The School Nutrition Association (SNA), the nation’s largest organization of school food professionals, is currently lobbying Congress to weaken federal school meal standards regarding whole grains, sodium and fruits and vegetables. The SNA also opposes aspects of the new “Smart Snacks” rules which have improved the snacks and other “competitive foods” sold on school campuses.
But not all members of the SNA agree with the organization’s legislative agenda. Nineteen past SNA presidents took the extraordinary step in May of breaking with the association’s leadership by writing their own open letter to Congress urging it to stay the course on healthier school food. I and other school food advocates have also personally communicated with food service directors around the country who similarly disagree with the SNA’s position.
So in a Lunch Tray post last Thursday, I told SNA members about an open letter now circulating which acknowledges that some districts are having trouble meeting the new school food standards but which respectfully asks the association’s leadership to reconsider its approach in addressing these challenges.
Within 24 hours of my post, SNA sent this “urgent message” to its members pressuring them not to sign the letter.
Before I address SNA’s response, let me first answer some questions I’ve received about the origins and purpose of the open letter.
The letter was created by food policy advocate Nancy Huehnergarth and me, in consultation with other advocates and food service directors. Nancy and I both have experience spearheading social media campaigns and we are strong supporters of school food reform. SNA’s leadership employs a public relations staff and a high-powered lobbying firm to make its views known, so we created the open letter to offer any interested SNA members a mechanism to express their concerns about those views.
In the end, though, whether the letter garners many signatures or only a few has nothing to do with who created it. The final signature count will depend on how many school food professionals both endorse the letter’s message and feel comfortable publicly attaching their name to it.
Yet SNA’s “urgent message” was clearly designed to make any school food director think long and hard about adding his or her name to this letter. The clear import of the communication is that anyone who does so is not a team player and will seriously undermine the organization. That sort of pressure casts doubt on the organization’s reassurances that it welcomes its members’ “thoughts and concerns.”
Moreover, as a feature article in yesterday’s New York Times Sunday magazine made clear, SNA and its lobbyists on Capitol Hill are already deeply entrenched in their strategy to roll back healthier school food requirements. Any individual SNA members who object to this plan have already been overridden by their organization’s leadership. At this stage, only collective, public dissent is likely to receive any attention from SNA’s board.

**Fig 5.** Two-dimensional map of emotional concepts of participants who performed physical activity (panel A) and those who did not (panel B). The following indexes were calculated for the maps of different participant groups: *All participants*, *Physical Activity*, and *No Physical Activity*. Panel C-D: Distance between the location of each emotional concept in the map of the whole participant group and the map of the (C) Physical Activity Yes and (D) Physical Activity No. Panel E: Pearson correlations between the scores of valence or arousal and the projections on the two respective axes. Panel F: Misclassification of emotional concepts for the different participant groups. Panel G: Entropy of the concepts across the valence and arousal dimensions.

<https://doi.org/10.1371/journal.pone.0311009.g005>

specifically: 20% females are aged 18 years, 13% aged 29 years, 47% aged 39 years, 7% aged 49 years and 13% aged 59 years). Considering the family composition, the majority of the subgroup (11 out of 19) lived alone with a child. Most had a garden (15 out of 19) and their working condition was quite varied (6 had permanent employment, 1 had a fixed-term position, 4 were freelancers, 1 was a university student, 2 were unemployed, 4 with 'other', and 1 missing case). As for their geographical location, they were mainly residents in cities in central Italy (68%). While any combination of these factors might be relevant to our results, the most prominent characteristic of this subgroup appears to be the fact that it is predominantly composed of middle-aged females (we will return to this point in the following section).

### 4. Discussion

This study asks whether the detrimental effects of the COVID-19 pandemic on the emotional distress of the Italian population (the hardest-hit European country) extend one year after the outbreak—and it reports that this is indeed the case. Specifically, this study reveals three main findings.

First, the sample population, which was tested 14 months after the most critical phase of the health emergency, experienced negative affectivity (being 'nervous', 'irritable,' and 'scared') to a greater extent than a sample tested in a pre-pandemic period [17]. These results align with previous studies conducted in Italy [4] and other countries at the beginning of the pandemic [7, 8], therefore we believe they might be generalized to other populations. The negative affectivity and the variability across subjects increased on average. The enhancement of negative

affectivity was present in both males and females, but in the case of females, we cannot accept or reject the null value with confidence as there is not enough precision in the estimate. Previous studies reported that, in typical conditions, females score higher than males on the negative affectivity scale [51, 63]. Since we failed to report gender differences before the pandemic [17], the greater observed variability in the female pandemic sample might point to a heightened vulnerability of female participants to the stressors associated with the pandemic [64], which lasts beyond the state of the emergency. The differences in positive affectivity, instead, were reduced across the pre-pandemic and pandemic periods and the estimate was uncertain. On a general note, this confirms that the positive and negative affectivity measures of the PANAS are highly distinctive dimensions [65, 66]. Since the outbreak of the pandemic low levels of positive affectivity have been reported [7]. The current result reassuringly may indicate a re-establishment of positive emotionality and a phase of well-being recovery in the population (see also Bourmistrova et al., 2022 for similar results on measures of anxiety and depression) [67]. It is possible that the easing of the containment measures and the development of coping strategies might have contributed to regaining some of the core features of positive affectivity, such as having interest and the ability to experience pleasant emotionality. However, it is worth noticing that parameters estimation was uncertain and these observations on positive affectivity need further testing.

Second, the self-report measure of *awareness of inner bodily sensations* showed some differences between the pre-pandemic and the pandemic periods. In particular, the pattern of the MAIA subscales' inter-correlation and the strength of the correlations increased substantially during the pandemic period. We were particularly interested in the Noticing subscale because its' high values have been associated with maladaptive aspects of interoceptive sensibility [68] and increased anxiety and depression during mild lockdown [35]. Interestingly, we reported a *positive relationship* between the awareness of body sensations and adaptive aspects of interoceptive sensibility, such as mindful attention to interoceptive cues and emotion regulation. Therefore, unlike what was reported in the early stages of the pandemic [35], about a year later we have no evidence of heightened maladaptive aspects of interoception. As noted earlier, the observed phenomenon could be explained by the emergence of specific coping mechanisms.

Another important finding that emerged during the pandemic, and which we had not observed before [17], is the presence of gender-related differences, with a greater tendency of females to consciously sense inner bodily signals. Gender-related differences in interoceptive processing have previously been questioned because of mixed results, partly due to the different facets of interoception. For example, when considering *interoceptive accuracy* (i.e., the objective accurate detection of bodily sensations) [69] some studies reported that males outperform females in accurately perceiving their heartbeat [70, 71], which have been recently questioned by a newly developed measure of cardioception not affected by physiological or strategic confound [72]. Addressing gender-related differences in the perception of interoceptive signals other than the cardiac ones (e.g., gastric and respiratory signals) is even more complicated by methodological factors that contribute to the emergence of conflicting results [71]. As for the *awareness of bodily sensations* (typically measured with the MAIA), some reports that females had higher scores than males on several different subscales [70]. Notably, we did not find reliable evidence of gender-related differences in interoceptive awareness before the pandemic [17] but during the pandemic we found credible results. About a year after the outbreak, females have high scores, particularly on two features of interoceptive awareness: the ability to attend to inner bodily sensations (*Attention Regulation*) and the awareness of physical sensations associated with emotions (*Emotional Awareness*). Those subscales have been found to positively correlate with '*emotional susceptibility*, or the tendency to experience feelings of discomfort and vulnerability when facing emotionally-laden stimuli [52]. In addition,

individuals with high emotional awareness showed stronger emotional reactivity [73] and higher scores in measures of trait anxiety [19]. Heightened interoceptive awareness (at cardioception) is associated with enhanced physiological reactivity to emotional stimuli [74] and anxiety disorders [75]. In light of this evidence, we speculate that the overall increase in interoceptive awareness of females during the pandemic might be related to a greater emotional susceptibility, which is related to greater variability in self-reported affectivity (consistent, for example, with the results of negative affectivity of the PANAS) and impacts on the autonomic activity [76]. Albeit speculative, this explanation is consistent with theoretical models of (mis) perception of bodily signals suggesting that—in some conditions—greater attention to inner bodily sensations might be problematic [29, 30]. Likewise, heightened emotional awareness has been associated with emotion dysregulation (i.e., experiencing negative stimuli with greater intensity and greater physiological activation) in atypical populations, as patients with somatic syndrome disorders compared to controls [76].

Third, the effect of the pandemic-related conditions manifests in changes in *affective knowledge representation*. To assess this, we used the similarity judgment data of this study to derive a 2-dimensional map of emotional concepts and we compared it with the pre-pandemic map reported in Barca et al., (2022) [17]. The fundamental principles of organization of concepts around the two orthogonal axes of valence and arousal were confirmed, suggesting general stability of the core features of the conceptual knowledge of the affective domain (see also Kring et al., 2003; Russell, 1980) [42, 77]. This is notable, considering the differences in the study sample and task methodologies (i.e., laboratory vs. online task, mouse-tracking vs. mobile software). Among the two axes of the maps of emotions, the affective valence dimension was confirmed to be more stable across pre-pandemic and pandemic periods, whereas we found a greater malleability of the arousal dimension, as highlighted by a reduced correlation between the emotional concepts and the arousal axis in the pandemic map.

But school food directors who do have the courage to sign the letter may now face uncomfortable pressure from their fellow SNA members. On Thursday Dayle Hayes, a prominent SNA supporter, requested in a comment on The Lunch Tray and its Facebook page that Nancy and I divulge the identities of the men and women who have already signed the letter. Hayes insists that this disclosure is necessary “in the interest of transparency and integrity,” despite the fact that petition platforms like Change.org don’t engage in this practice (without signers’ express consent) and that the identities of prior signers have no relevance whatsoever to the content of the letter. In a follow-up comment Hayes’s assures us that she is “not trying to intimidate anyone,” but her request, having no rational basis that we can think of, raises a serious red flag. Accordingly, Nancy and I will not release the signatures until the sign-on period closes on November 30, 2014.
Finally, one SNA member commenting on The Lunch Tray likened our open letter to two outsiders inappropriately interfering in a “family dispute.” While it’s true that our letter relates to the activities of an organization of which Nancy and I are not members, let’s not forget that SNA’s lobbying efforts, if successful, will have an impact extending well beyond the organization’s “family” of 55,000 school food workers.
Fully 30 million American children eat school meals, and 19 million of them do so out of economic need. And all of us, whether we have children who eat school food or not, have a stake in this program. Not only do we pay for it with almost $12 billion tax dollars per year, but we will collectively bear the healthcare costs arising from this generation’s poor dietary habits and troubling rates of childhood obesity and related illnesses.
So I would argue that not only do all of us have the right to express our views about SNA’s campaign to weaken school food standards, we have an affirmative obligation to advocate against that agenda. If the open letter Nancy and I created plays even a small role in raising questions about, or drawing attention to, SNA’s plan to roll back healthier school meal requirements, then I’ll consider the letter a successful effort regardless of how many people ultimately sign it.
[Ed. Update 10/14/14: A companion post by Nancy Huehnergarth may now be found on The Hill’s Congress Blog.]
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